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Canonical recently introduced Ubunto Pro. A version of the Linux distribution that can only be purchased in a paid subscription form. In exchange for that subscription, users get a more secure version of the Ubuntu operating system.

According to the Linux distributor, the now general availability of Ubuntu Pro is another step in the development of the dedicated Linux distribution. The beta version of this release was announced back in October last year. After this announcement users were dissatisfied with the update though, as it was said to contain unsolicited ads.

Automatically running patches

Ubuntu Pro differs from the standard open source version of the Linux distribution mainly in two areas; more security and a subscription model. In the area of security, the Pro version includes functionality for automatically patching the OS against critical, high- and selected e medium CVEs. This is done for various applications and code tools, such as for Ansible, Apache Tomcat, Apache Zookeeper, Docker, Nagios, Node.js, phpMyAdmin, Puppet, PowerDNS, Python, Redis, Rust and WordPress.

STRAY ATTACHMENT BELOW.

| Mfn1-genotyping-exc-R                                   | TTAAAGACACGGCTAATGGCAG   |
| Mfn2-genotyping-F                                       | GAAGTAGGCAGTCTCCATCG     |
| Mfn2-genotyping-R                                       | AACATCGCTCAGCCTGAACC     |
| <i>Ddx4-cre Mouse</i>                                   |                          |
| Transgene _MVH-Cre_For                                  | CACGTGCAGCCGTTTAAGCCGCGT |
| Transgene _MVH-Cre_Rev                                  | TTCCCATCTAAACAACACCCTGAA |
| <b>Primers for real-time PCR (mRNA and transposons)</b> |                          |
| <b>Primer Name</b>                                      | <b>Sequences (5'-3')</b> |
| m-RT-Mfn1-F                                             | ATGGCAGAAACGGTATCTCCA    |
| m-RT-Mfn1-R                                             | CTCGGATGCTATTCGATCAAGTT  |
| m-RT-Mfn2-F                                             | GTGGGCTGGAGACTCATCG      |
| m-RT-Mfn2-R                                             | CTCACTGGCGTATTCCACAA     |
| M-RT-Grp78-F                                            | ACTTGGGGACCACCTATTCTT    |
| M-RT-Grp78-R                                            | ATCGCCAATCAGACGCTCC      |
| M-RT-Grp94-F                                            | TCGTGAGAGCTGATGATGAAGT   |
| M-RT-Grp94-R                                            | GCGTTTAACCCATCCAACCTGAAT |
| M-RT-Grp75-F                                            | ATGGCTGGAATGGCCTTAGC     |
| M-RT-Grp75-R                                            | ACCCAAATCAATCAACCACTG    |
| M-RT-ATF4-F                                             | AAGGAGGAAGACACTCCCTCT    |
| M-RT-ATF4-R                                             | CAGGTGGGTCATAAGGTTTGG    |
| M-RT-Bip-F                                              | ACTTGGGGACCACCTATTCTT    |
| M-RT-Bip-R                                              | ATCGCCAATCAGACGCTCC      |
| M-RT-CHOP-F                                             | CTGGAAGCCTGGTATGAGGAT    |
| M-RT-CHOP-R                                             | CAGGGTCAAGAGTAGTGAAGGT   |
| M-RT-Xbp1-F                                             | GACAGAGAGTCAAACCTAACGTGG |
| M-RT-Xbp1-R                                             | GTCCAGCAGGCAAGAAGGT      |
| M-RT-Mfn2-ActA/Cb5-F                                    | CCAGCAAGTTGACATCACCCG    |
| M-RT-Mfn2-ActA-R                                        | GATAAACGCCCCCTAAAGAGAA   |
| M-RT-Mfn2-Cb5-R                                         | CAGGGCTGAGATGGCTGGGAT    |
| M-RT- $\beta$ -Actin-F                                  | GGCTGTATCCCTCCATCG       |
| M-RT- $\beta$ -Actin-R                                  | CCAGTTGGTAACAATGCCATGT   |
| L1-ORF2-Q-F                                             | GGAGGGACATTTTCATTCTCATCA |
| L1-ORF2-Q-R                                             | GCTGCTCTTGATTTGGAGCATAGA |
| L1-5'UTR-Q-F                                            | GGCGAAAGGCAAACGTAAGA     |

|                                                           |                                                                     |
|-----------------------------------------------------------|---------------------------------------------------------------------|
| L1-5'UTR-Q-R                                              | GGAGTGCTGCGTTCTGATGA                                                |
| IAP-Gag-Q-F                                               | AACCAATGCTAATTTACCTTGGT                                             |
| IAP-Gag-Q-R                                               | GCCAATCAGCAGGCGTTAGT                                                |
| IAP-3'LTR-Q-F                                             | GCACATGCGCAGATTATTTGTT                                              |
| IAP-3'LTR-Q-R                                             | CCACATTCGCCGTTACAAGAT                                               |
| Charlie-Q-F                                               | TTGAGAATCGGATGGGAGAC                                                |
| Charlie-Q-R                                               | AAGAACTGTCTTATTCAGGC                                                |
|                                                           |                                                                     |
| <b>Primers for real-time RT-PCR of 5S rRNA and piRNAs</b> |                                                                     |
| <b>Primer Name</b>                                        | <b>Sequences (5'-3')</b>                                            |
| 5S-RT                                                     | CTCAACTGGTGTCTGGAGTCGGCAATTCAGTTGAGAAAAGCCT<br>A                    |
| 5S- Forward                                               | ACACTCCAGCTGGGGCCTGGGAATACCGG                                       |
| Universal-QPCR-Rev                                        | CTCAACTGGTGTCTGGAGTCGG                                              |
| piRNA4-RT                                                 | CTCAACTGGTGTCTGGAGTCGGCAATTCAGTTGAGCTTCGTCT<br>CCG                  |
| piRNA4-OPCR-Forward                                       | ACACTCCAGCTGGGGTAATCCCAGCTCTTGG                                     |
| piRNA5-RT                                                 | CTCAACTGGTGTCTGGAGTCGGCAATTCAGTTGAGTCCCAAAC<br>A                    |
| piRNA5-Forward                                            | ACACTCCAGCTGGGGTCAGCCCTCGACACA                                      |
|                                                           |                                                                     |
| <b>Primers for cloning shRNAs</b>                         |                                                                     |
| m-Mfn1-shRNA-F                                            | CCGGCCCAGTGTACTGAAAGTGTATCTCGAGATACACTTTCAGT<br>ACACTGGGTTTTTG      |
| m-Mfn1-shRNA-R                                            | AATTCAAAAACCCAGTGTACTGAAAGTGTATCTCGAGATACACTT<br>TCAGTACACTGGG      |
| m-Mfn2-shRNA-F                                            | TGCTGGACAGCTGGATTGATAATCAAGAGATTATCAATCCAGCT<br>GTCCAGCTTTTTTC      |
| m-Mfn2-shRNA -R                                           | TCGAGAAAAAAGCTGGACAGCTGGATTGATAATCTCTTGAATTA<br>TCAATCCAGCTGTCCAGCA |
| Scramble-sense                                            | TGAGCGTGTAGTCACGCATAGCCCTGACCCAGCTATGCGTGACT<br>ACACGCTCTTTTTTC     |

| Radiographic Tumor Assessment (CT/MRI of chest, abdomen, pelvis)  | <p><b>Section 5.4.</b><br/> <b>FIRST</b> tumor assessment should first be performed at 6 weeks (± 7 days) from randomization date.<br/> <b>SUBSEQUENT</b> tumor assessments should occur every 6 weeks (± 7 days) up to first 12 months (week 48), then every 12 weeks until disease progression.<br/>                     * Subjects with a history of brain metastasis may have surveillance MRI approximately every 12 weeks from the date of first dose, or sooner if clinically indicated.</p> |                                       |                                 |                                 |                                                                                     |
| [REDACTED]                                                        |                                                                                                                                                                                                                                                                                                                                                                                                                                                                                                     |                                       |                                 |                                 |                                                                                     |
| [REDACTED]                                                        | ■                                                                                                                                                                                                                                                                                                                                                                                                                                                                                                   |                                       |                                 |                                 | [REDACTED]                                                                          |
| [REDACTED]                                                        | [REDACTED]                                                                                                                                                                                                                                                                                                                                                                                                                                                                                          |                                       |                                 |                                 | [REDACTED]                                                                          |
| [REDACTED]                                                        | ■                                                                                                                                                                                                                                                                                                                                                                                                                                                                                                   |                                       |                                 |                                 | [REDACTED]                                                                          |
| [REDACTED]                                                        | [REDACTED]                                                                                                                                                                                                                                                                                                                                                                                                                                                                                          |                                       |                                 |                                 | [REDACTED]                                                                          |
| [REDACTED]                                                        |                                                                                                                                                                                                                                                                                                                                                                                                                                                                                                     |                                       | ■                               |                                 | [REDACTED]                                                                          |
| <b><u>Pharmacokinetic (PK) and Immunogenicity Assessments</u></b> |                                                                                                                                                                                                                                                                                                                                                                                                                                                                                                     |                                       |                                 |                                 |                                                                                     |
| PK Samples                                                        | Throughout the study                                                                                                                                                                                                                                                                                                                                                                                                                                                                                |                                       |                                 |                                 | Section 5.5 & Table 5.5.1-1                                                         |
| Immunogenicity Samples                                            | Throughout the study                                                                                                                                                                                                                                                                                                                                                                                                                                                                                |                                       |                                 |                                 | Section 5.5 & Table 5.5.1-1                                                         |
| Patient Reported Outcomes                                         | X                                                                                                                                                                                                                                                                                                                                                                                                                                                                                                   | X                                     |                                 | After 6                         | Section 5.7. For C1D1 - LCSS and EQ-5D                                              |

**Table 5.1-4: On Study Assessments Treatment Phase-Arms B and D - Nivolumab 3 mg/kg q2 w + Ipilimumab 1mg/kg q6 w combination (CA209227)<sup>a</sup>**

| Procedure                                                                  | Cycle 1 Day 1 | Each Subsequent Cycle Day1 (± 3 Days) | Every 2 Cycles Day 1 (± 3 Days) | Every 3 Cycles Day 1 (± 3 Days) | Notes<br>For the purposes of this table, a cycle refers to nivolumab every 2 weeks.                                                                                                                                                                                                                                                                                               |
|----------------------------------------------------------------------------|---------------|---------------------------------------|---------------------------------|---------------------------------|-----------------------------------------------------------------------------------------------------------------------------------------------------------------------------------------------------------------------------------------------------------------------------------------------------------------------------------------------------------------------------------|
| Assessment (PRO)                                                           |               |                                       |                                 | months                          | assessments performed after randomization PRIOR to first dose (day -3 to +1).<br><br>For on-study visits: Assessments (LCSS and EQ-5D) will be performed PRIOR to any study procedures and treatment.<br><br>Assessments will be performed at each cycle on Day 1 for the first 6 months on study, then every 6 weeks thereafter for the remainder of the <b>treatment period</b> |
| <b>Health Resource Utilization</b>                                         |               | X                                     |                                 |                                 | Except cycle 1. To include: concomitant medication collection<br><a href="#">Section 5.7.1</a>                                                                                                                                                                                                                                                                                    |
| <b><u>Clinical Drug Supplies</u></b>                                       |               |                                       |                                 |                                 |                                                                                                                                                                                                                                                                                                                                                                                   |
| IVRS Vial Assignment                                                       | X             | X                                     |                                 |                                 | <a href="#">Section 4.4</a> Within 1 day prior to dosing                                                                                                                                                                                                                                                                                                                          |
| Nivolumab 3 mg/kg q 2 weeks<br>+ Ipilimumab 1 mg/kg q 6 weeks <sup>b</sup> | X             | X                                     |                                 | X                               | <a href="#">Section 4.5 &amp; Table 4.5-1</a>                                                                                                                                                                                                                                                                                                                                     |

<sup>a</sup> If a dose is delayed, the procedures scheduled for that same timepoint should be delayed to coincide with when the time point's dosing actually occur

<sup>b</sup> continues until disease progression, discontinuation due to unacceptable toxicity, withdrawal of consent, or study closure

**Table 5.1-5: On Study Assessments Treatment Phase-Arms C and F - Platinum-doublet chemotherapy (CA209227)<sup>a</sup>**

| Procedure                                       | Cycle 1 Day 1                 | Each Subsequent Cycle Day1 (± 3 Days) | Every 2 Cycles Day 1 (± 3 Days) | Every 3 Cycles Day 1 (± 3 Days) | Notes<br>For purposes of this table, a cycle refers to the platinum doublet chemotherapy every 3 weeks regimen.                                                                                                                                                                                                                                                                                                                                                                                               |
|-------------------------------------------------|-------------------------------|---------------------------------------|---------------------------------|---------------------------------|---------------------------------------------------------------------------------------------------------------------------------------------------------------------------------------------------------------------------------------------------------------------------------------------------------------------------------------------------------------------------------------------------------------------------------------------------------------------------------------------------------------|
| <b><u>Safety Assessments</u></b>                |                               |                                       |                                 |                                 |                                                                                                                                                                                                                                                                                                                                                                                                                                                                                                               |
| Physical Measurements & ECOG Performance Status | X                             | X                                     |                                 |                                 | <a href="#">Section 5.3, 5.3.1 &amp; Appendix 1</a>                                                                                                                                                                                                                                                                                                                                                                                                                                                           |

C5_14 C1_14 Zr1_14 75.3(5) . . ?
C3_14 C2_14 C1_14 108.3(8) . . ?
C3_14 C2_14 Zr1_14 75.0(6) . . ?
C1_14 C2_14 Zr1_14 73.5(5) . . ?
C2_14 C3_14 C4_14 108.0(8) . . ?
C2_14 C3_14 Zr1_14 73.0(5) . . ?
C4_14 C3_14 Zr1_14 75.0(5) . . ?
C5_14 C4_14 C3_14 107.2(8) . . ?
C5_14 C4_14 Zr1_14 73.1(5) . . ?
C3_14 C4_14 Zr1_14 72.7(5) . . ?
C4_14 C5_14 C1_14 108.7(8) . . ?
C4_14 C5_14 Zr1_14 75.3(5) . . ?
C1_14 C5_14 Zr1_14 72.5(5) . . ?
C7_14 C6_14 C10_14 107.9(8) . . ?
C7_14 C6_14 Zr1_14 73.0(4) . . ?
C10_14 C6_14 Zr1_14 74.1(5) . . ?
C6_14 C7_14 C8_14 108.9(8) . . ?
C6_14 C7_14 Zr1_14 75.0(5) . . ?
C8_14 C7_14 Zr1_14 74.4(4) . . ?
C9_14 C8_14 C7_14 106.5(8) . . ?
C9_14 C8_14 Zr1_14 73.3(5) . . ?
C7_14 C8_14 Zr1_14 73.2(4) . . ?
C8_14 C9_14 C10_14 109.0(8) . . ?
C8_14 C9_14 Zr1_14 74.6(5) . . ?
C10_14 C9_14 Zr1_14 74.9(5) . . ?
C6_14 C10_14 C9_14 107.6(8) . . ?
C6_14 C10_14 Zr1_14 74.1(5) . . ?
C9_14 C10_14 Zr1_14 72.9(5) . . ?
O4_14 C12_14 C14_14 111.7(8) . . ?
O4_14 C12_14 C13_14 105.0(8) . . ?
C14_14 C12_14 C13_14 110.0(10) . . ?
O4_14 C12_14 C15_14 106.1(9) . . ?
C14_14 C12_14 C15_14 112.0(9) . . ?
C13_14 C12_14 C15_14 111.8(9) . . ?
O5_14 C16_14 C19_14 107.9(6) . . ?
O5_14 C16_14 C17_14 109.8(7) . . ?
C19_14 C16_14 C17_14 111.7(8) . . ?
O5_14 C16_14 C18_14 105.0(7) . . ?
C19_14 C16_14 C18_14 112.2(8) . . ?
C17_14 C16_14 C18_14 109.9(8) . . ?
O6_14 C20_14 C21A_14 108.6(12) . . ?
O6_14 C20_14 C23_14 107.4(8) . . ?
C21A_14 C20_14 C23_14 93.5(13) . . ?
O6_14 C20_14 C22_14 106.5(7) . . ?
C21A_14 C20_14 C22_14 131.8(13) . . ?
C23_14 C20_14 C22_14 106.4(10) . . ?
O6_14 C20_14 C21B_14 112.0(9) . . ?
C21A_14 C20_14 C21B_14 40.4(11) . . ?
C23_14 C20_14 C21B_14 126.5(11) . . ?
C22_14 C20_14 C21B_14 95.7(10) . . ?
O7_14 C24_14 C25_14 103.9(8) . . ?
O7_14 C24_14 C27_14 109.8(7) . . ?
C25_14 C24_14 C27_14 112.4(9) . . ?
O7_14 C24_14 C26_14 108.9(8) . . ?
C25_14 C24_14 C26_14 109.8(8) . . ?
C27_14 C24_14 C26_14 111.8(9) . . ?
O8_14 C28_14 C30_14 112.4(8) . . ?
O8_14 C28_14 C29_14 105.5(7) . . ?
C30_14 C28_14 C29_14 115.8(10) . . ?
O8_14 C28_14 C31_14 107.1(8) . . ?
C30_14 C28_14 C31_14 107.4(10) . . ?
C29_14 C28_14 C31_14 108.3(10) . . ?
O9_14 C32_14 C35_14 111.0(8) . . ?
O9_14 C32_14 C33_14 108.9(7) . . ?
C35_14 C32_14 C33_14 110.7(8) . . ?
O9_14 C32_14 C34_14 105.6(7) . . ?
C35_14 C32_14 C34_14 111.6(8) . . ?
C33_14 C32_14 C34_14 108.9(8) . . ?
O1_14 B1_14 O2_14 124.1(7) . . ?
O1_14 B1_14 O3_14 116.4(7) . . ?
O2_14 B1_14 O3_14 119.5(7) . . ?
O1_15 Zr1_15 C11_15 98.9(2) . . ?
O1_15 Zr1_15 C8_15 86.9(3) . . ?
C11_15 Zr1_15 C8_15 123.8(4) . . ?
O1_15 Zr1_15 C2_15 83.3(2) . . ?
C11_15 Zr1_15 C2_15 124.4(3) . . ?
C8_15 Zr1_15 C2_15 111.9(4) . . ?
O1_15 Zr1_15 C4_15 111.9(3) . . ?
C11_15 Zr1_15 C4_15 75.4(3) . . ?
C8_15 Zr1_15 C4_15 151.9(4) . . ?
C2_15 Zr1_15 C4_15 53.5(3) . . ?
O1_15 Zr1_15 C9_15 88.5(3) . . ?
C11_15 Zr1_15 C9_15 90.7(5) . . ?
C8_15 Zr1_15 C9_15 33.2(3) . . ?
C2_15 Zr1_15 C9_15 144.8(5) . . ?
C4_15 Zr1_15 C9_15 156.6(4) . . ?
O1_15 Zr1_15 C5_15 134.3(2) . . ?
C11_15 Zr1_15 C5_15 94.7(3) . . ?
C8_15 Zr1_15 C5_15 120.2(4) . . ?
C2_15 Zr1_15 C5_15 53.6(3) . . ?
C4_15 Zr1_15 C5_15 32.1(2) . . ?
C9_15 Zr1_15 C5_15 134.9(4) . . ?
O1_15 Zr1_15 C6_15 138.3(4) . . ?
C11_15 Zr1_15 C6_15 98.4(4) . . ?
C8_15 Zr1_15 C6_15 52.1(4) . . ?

Overarching system management is performed by Landscape and Livepatch. Livepatch, for example, patches kernel vulnerabilities at runtime. This should reduce the time needed to reboot the affected devices with the Linux distribution.

More hardening and compliance capabilities

In addition, the added extra security functionality provides more hardening and compliance capabilities. Consider the Ubuntu Security Guide (USG) that takes care of hardening and compliance of standards such as CIS benchmarks and DISA-STIG profiles.

In this context, users will further gain access to FIPS-certified cryptographic packages required by all U.S. federal authorities and organizations working with compliance regulations according to FedRAMP, HIPAA and PCI-DSS.

Subscription model

The second feature that sets Canonical’s Ubuntu Pro apart is its subscription model. A subscription to Ubuntu Pro costs $25 per year for a workstation and $500 per year for a server. Yet even for this more comprehensive version of the open source Linux distribution, a free version is also available for personal use or very small businesses. This free version can run on up to 5 machines.

Tip: Canonical introduces DevOps security tool Ubuntu Pro